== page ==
Some Thoughts About Constant Interface (Anti)Pattern

I have recently restarted to read Effective Java Programming Language book written by Joshua Bloch. Actually, I had skimmed it several times before, but had no chance to cover it from beginning to end yet. I want to express some of my thoughts about Item 17: Use interfaces only to define types. In this item, he states that, constant interface pattern is a poor use of interfaces. As we employ it in our current project, I had some fresh observations about that (anti)pattern. I think many people just employ this pattern in order to get rid of putting class names in front of constants while accessing them, and to collect and group those constants just in one construct, in order to easily find and access all available definitions in code base. Those are valid reasons for our project, too. Otherwise, it gets very difficult to to remember, which constant is defined in which class or interface, and it also gets more and more difficult to give consistent names and values to those constants if they are not easily accessible to examine just in one place. Joshua Bloch lists his counter arguments in his book as follows.

  • First of all, it causes a leakage of implementation detail into many unrelated classes in your code base, because any of the defined constant will be available to all of your classes when they implement this interface.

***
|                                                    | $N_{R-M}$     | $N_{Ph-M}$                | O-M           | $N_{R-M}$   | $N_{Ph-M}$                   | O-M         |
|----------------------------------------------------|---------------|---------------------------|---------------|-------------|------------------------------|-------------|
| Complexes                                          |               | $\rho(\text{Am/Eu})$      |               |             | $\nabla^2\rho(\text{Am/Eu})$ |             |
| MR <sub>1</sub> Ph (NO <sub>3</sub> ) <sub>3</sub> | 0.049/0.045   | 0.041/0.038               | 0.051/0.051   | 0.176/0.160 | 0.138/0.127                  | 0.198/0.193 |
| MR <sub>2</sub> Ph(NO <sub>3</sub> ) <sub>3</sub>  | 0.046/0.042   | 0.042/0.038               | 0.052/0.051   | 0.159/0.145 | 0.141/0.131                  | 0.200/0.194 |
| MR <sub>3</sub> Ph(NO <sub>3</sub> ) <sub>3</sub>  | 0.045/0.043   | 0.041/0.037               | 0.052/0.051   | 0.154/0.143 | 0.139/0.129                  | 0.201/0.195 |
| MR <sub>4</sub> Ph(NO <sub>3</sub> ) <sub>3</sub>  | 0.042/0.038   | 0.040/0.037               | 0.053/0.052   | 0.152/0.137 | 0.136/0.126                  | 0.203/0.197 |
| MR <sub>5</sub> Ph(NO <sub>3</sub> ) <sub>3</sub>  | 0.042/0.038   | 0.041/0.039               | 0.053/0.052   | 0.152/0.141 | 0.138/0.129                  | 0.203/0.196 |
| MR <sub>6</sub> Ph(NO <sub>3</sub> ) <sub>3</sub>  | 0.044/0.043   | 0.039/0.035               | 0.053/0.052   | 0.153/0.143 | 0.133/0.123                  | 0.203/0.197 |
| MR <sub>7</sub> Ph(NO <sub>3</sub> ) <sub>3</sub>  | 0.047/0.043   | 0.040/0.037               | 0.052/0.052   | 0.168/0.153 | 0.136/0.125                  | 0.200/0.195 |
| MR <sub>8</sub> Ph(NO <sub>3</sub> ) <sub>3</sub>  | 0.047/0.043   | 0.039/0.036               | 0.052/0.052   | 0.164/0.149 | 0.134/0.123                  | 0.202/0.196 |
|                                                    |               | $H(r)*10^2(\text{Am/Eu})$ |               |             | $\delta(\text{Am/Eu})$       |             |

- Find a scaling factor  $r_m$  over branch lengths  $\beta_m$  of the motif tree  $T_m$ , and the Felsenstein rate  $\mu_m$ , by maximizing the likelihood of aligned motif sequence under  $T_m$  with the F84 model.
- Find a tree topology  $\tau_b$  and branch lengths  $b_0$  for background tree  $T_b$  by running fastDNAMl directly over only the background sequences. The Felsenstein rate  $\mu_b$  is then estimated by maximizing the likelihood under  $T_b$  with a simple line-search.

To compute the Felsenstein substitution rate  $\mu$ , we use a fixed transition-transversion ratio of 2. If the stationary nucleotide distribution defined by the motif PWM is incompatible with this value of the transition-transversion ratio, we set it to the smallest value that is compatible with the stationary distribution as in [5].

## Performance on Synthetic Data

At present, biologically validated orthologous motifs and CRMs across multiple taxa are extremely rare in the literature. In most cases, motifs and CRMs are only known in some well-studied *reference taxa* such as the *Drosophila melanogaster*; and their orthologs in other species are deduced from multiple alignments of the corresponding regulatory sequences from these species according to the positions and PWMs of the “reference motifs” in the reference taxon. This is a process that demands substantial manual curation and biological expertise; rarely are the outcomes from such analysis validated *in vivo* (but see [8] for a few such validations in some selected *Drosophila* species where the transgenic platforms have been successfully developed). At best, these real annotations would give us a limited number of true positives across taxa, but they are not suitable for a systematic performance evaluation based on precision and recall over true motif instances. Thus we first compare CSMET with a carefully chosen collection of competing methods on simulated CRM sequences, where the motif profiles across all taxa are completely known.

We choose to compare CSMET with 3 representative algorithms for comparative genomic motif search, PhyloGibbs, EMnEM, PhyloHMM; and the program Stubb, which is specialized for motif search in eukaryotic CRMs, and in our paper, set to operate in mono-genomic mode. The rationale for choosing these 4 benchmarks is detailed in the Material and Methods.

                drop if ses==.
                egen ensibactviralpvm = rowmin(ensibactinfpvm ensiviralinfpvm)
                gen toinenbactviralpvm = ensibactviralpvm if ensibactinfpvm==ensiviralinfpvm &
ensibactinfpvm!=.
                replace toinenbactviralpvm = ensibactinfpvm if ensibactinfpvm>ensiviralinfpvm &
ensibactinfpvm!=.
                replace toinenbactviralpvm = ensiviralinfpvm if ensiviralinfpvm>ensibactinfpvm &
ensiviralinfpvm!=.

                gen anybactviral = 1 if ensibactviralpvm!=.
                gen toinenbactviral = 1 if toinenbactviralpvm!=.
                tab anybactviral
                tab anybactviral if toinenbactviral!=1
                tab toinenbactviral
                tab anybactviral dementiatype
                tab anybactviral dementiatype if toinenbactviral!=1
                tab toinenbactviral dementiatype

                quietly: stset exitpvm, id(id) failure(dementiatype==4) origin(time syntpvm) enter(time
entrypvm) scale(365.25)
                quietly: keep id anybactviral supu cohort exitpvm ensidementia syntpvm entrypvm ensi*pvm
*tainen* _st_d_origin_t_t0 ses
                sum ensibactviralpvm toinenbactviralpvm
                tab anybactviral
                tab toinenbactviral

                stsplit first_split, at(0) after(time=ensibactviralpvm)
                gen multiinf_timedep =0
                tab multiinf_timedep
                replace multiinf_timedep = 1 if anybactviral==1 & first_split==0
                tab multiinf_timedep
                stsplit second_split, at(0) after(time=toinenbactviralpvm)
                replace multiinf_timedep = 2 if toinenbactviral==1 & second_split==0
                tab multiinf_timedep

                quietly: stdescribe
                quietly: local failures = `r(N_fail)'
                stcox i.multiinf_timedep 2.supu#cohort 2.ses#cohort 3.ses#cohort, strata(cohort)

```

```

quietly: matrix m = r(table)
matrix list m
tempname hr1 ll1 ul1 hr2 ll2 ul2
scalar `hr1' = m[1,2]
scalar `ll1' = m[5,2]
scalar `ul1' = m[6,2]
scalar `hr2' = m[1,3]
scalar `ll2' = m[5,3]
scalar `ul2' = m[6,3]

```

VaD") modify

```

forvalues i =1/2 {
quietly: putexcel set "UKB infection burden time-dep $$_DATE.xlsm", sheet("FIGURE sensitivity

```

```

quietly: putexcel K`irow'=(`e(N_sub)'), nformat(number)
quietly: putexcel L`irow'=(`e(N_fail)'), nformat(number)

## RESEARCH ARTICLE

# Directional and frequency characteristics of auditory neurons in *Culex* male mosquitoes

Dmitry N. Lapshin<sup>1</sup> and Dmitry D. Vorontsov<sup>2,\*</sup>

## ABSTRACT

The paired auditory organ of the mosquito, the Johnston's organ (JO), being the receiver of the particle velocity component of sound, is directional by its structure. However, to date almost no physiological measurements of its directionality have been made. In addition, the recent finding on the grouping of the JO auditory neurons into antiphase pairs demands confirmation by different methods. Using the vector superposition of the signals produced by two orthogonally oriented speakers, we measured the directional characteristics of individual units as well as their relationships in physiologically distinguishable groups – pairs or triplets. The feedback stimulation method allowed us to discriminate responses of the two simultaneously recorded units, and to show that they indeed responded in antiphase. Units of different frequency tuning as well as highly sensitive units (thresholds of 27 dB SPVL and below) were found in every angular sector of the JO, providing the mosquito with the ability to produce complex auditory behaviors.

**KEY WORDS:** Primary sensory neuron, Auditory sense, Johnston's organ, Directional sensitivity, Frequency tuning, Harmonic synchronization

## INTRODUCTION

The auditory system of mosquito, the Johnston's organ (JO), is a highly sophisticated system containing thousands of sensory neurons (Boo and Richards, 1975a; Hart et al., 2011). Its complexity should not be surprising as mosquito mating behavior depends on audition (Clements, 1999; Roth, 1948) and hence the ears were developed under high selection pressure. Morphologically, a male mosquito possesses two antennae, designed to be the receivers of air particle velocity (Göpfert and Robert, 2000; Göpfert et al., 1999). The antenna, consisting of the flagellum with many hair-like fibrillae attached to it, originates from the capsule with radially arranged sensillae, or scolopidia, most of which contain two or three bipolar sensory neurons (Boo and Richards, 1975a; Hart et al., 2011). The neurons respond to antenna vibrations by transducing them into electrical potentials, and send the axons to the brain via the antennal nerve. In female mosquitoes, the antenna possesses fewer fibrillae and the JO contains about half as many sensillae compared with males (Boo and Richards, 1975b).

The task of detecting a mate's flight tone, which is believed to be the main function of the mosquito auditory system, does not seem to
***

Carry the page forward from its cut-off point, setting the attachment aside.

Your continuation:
•  As it is contained in the exported API of implementing class, clients of that class may get easily confused because it if of no consequence to the users of the class that it implements such an interface.
  • Finally, it puts you into a commitment to ensure binary compatibility in the future, even though the class won’t need to use any of those constants.

I mostly agree with Josh’s arguments here. Benefits of not introducing above anomalies into your code far more outweighs than just getting rid of typing class names in front of constants. I personally, observed that one can easily make use of any unrelated constant in his client class. At the end it, is a good idea to collect all of the constants in one place and make them accessible to every other class or interface in your code base, and it is much better to create a noninstantiable constant class and to put all of your constants with consistent naming conventions both for variables and for their values into it.

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